Did I mentioned the titular blob, really is just a big old blob? Seriously, that’s the greatest thing ever. Outside of the Gamera films, The Blob is one of the few movie monsters that never fails to bring a smile to my face. I wouldn’t be born until thirteen years after this film came out, but how I wish I had been a teenager or young adult watching it for the very first time in 1958.

The Blob was filmed in color. Still something of a rarity in those days. That had to have been something special. I got something of a contact high from it, just watching it on a streamer.

There’s plenty of movie connections one can deduce after watching The Blob. I could be wrong, but it seems pretty clear to me that The Lonesome Death of Jordy Verrill from Creepshow was heavily influenced by the opening scenes of The Blob. It’s that age old story; a meteor crashes down on earth, splits open and some poor bumpkin just has to stick his hand in it. In Jordy Verrill’s case, he turned into a plant. In The Blob, the bumpkin serves as the first snack of the blob before it terrorizes the town, growing exponentially larger after every meal. Is this the first instance of a meteor crashing to down to earth and causing chaos in cinema? (See also: Superman, Chronicle) Time to do a little homework. There’s The Thing From Another World – a fine, fine motion picture in its own right – seven years prior, but that was a alien ship and not a meteor.

Shhh, I’m hunting wabbit holes.

If you have yet to do so yet at this juncture in your life, please watch The Blob at your earliest convivence. Even if fifties sci-fi monster movies are not your cup a tea, give it a whirl. Try not to stare at McQueen’s forehead wrinkles and crow’s feet. He’s just another teenager. (See also: Steve Buscemi)

By the end of the movie, they have dropped off the now frozen blob in the arctic, where presumably it meets Captain America. There it will remain, “as long as the arctic stays cold.”

Cue climate change kicking into high gear a couple of decades later.

As Scooby-Doo would say, “Ruh-Roh.”

Batman (1989)

There’s a genre of movies out there – you know the ones: Smokey and the Bandit, Detroit Rock City, etc. – where our heroes are determined to get a certain place by a certain time despite all odds stacked against them. A KISS concert. Texarkana and back with a truckload of suds.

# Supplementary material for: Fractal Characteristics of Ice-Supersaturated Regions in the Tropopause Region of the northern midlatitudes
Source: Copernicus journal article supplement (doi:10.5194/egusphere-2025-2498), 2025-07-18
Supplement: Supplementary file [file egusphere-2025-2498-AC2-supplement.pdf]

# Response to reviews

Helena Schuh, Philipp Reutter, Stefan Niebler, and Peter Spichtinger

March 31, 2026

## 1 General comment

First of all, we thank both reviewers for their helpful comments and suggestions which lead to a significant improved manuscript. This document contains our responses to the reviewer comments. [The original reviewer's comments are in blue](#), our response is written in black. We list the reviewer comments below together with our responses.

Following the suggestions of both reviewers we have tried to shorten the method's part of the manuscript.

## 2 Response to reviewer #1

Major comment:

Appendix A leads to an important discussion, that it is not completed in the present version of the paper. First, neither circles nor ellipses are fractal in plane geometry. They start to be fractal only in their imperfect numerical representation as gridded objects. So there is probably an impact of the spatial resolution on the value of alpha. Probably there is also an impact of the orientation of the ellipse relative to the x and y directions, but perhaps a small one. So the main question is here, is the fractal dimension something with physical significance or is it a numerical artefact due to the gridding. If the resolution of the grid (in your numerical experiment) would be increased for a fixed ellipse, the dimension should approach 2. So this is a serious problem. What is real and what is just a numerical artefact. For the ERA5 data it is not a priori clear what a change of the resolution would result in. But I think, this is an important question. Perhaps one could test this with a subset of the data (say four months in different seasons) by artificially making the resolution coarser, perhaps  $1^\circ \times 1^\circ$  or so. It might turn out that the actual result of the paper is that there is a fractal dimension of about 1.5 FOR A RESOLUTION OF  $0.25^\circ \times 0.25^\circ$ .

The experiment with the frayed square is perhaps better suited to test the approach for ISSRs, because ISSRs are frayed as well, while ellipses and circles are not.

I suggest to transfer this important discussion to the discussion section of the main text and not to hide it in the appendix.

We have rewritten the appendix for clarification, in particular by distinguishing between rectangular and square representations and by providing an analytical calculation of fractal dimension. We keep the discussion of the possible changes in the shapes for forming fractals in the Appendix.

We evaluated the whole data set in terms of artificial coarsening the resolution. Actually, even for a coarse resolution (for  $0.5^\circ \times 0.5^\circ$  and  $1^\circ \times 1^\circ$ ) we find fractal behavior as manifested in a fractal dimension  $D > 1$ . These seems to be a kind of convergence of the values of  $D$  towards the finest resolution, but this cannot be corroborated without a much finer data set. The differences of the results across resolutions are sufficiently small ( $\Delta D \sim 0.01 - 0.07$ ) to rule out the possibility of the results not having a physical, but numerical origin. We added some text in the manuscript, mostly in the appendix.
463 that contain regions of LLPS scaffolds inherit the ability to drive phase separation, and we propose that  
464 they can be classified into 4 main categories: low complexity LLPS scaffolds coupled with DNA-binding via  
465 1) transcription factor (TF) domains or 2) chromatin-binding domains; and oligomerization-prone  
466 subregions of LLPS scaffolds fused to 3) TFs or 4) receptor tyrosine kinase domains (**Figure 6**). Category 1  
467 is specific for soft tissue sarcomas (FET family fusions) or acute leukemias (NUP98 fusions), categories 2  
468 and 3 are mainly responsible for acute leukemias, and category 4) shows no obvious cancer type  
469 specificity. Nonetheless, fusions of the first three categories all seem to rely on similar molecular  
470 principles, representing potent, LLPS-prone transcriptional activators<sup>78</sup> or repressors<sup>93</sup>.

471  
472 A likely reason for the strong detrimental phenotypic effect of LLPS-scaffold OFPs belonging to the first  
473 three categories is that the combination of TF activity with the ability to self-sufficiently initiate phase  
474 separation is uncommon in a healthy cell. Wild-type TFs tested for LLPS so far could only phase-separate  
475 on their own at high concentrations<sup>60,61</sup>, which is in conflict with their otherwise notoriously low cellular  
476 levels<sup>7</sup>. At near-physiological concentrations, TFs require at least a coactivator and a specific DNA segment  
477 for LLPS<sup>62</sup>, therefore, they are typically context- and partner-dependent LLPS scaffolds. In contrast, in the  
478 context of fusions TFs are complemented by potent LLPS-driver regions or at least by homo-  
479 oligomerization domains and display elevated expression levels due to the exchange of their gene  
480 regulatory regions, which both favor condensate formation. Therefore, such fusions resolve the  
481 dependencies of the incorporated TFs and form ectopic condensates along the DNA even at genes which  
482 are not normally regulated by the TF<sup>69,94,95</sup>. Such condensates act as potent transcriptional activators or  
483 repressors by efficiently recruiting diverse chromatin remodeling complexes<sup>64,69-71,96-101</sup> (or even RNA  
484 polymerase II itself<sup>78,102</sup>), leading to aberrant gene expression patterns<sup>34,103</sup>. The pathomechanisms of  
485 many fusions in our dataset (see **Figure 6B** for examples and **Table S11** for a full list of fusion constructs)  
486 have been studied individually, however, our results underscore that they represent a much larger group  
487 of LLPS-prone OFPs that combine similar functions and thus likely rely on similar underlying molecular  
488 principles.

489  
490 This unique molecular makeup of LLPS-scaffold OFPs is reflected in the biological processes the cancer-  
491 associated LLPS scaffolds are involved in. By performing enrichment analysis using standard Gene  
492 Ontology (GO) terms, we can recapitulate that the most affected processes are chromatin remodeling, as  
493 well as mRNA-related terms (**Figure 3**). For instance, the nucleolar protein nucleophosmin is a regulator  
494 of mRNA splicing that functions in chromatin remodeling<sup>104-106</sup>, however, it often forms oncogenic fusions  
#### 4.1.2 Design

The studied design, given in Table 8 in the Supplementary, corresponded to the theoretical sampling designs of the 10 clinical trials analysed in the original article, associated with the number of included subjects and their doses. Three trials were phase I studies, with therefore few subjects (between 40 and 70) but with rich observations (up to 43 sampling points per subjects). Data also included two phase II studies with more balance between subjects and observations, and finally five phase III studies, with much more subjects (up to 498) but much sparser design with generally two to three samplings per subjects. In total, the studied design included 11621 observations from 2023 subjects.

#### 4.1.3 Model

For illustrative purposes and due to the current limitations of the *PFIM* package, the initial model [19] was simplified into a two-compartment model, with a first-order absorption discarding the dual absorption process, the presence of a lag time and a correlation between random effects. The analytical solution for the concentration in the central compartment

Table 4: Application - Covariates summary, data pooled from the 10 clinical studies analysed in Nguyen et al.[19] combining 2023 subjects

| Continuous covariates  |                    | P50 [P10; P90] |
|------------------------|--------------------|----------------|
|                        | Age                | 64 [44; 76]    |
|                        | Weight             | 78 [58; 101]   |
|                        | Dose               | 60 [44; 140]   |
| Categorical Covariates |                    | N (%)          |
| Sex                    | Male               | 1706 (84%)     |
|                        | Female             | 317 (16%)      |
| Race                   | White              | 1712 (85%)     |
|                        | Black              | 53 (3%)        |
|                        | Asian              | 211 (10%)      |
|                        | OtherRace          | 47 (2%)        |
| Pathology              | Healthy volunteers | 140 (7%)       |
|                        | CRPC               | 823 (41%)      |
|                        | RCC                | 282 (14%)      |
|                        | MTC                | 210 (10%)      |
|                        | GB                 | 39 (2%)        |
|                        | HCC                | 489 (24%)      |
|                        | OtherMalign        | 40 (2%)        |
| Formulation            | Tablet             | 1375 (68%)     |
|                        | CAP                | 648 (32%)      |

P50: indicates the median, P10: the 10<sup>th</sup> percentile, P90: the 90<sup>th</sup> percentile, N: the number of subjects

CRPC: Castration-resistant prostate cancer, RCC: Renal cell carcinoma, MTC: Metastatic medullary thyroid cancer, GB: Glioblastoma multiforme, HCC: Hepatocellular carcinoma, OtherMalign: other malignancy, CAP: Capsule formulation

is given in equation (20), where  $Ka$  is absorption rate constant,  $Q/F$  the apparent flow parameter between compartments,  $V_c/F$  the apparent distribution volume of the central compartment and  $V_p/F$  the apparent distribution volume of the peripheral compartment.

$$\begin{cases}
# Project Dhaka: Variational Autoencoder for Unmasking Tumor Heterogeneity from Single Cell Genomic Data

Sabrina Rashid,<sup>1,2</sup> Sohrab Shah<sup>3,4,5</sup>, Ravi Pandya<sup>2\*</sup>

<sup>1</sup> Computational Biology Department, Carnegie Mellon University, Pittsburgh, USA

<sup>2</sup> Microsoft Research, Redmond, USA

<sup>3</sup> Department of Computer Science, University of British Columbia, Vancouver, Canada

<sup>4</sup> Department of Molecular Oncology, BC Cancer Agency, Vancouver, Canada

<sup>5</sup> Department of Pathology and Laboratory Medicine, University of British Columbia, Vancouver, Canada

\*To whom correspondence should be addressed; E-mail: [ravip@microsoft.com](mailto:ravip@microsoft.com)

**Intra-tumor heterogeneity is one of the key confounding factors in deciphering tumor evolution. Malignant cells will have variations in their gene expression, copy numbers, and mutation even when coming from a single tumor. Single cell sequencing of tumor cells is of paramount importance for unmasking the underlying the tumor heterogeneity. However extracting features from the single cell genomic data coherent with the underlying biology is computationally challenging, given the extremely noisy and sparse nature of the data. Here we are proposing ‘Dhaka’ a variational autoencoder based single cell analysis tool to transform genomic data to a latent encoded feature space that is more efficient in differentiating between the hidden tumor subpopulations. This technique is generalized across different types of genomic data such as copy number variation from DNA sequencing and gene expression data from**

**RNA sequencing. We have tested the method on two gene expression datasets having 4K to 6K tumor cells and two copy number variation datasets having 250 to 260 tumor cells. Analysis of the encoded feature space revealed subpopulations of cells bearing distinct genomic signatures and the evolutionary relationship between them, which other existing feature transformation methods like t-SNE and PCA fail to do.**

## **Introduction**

That is the story of my friends and I trying to see the sneak-peak, midnight showing of Batman way back in the summer of nineteen hundred and eighty-nine. Four hours of total chaos, the small matter of violating several federal codes, followed by our eventual detainment and release by military police. Spoiler alert: we made it to the Totem Theater in Anchorage, Alaska in the nick of time to see Batman.

All’s well that ends well.

By this point in our lives, my friends and I had established a vast network of theater workers that were more than happy to hook us up with advanced showings of any flick in town. Good times. Good friends.

My best friend lived in what was called hospital housing at the local air force base, and I was tasked with getting to his place for a little pre-Batman rabblerousing before hitting the road to see the show. As I had no car, this meant walking.

Back in the day, it used to be extremely easy to sneak on to virtually any military base in the country, excepting Area 51. Elmendorf Air Force base in Anchorage was no exception. Cross the highway, look for the hole in the fence, watch out for the odd moose or two, and pop out of the woods in hospital housing.

Being so close to the Fourth of July, we had plenty of fireworks on hand. Some of them may have been set off in inappropriate places. Blame it on youthful exuberance. Blame it on the rain. We were certainly juvenile delinquents, but harmless ones. We smoked grass and set off a few firecrackers now and again, but we weren’t strong-arming old ladies for their purses or anything.

But that night, our luck ran out.

Our first and most obvious problem was that we were the only punk rockers on base. Everyone knew who we were, including all of the MP’s. After our little pre-Fourth fireworks celebration at the expense of the peace and quiet of the neighbors, we left to go pick up more friends and cause trouble elsewhere before the movie. As we were leaving the base, one of the MP’s jumped out in front of our car and pulled his gun.

This was new.

We were teenagers and scared witless. We stopped and were immediately pulled out of the car and arrested for fireworks, alcohol possession, etc., and were brought down to the pokey. I wound up with the additional charge of unauthorized entry onto a military installation.

Being underage, they didn’t lock us up with the wayward recruits, but split us between various offices at the station. Here we had something of a Goldilocks moment. My office was much too small. My other friend’s office was far too large. But our third friend, his was just right. Despite detaining the lot of us for minors in possession of alcohol, they set him up in the room – wait for it – where they kept all the confiscated alcohol. It wasn’t long before I heard, “Pssst. Pssst.” I leaned my head out of my office in time to see my friend take a swig of the complimentary Jack Daniels.